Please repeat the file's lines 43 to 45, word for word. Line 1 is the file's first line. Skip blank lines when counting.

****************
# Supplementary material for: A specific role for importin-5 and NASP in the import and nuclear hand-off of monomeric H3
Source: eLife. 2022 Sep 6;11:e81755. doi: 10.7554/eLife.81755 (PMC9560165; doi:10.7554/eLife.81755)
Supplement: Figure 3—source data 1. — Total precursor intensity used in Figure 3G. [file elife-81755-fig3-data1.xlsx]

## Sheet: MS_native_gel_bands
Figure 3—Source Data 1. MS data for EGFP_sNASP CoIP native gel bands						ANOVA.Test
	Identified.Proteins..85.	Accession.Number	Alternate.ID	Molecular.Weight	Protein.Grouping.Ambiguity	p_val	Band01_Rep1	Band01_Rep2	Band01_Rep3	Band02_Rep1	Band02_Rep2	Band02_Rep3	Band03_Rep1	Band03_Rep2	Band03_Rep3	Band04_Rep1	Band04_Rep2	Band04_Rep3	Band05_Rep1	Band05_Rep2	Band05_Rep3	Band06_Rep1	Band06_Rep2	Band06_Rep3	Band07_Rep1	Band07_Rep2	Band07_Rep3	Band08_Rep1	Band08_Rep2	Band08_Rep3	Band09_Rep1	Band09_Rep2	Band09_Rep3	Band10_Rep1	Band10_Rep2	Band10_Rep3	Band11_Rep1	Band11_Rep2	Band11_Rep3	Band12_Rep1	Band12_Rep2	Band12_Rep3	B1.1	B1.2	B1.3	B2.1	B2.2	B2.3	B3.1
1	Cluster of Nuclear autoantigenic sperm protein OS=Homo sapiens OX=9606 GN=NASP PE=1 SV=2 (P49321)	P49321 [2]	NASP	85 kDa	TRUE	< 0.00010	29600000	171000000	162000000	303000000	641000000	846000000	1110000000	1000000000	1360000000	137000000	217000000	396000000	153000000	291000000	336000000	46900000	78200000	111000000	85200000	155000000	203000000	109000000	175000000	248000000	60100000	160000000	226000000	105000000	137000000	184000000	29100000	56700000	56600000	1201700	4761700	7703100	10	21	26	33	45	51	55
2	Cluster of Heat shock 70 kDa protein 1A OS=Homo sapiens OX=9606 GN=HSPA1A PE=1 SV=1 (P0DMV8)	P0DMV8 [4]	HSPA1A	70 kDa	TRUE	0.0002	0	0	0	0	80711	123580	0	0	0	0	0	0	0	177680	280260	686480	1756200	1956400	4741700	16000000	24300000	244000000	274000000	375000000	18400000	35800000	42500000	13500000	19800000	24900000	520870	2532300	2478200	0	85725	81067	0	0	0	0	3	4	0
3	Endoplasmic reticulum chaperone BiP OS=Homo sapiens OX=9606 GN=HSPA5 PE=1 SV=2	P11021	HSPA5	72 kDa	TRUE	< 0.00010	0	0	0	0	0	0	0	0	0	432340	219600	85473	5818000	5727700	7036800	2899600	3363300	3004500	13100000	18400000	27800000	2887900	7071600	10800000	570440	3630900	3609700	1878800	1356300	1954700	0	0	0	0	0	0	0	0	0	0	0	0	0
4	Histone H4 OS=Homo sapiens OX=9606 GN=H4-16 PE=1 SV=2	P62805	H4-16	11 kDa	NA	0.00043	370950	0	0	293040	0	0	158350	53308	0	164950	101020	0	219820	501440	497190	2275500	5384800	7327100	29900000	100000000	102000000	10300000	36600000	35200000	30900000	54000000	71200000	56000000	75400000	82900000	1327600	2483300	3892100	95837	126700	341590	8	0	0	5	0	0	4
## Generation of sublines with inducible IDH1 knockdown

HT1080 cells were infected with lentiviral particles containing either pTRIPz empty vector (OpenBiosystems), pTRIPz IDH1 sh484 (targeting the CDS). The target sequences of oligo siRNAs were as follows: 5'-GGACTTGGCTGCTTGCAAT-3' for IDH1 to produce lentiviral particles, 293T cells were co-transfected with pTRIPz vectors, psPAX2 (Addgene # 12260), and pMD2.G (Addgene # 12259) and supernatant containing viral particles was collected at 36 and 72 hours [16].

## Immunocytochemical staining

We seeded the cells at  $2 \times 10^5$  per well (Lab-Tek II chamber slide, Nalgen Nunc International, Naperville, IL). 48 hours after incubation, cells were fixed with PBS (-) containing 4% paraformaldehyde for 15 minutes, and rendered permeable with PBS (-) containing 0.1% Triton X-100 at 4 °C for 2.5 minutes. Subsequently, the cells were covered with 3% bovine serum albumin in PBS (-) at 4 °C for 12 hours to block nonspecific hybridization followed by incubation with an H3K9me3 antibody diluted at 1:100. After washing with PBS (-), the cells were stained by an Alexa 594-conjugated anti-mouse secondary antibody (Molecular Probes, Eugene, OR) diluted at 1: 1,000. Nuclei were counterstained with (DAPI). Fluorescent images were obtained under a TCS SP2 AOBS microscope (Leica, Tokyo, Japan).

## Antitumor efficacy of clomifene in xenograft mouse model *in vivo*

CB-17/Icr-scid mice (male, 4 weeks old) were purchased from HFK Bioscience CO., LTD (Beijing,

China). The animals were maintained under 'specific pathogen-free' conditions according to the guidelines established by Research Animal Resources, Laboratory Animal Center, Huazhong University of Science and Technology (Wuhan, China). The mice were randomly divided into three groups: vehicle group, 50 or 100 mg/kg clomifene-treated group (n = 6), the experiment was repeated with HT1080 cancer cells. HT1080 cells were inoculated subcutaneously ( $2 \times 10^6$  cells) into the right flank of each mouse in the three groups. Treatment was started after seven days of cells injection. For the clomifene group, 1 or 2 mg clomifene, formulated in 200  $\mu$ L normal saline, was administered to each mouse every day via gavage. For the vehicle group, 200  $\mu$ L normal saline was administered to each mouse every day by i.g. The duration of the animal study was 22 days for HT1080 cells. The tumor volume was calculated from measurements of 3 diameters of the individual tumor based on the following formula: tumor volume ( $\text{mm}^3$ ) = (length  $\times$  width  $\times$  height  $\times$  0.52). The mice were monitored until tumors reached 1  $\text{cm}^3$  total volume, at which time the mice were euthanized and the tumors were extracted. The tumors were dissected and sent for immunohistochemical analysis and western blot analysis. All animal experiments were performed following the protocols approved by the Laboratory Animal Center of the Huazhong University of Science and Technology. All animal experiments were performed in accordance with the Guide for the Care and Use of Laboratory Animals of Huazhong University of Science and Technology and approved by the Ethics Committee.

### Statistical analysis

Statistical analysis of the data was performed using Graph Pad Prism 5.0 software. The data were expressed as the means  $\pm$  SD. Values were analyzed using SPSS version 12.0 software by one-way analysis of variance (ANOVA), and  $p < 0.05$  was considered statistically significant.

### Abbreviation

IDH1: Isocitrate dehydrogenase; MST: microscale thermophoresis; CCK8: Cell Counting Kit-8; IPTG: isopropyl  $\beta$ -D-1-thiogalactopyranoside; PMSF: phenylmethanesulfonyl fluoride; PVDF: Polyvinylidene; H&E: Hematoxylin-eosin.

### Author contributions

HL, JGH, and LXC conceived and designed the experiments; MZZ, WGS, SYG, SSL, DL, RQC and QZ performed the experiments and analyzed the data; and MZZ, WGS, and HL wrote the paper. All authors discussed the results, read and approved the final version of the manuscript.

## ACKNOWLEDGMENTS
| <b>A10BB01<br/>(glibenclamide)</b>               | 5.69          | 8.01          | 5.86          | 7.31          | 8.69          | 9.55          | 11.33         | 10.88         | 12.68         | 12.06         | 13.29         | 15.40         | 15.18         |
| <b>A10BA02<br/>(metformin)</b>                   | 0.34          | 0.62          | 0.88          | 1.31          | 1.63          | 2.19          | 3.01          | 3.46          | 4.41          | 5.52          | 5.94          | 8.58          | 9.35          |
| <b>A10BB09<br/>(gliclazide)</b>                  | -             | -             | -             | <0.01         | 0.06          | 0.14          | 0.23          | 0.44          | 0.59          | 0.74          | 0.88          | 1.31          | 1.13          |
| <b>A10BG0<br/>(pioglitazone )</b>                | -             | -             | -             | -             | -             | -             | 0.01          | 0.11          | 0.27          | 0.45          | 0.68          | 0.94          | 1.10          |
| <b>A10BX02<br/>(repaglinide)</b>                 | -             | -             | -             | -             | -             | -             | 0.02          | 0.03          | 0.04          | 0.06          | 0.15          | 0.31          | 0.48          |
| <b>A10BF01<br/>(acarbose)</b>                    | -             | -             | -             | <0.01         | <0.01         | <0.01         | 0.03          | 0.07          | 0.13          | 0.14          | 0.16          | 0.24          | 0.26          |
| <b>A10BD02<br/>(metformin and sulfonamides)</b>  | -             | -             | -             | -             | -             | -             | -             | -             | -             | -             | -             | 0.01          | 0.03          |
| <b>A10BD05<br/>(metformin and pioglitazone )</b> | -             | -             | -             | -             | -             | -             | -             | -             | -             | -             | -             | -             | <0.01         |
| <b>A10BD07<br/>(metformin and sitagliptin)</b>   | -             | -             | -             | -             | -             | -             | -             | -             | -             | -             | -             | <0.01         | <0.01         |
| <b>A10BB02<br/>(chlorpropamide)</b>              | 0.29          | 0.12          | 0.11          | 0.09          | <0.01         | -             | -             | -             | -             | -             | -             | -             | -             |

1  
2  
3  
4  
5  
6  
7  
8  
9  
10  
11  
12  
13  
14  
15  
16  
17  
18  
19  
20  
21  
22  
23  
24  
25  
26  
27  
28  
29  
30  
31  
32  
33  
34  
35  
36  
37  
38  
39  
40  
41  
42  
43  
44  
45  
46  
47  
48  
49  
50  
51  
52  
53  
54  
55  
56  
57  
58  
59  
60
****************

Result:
9  
10  
11  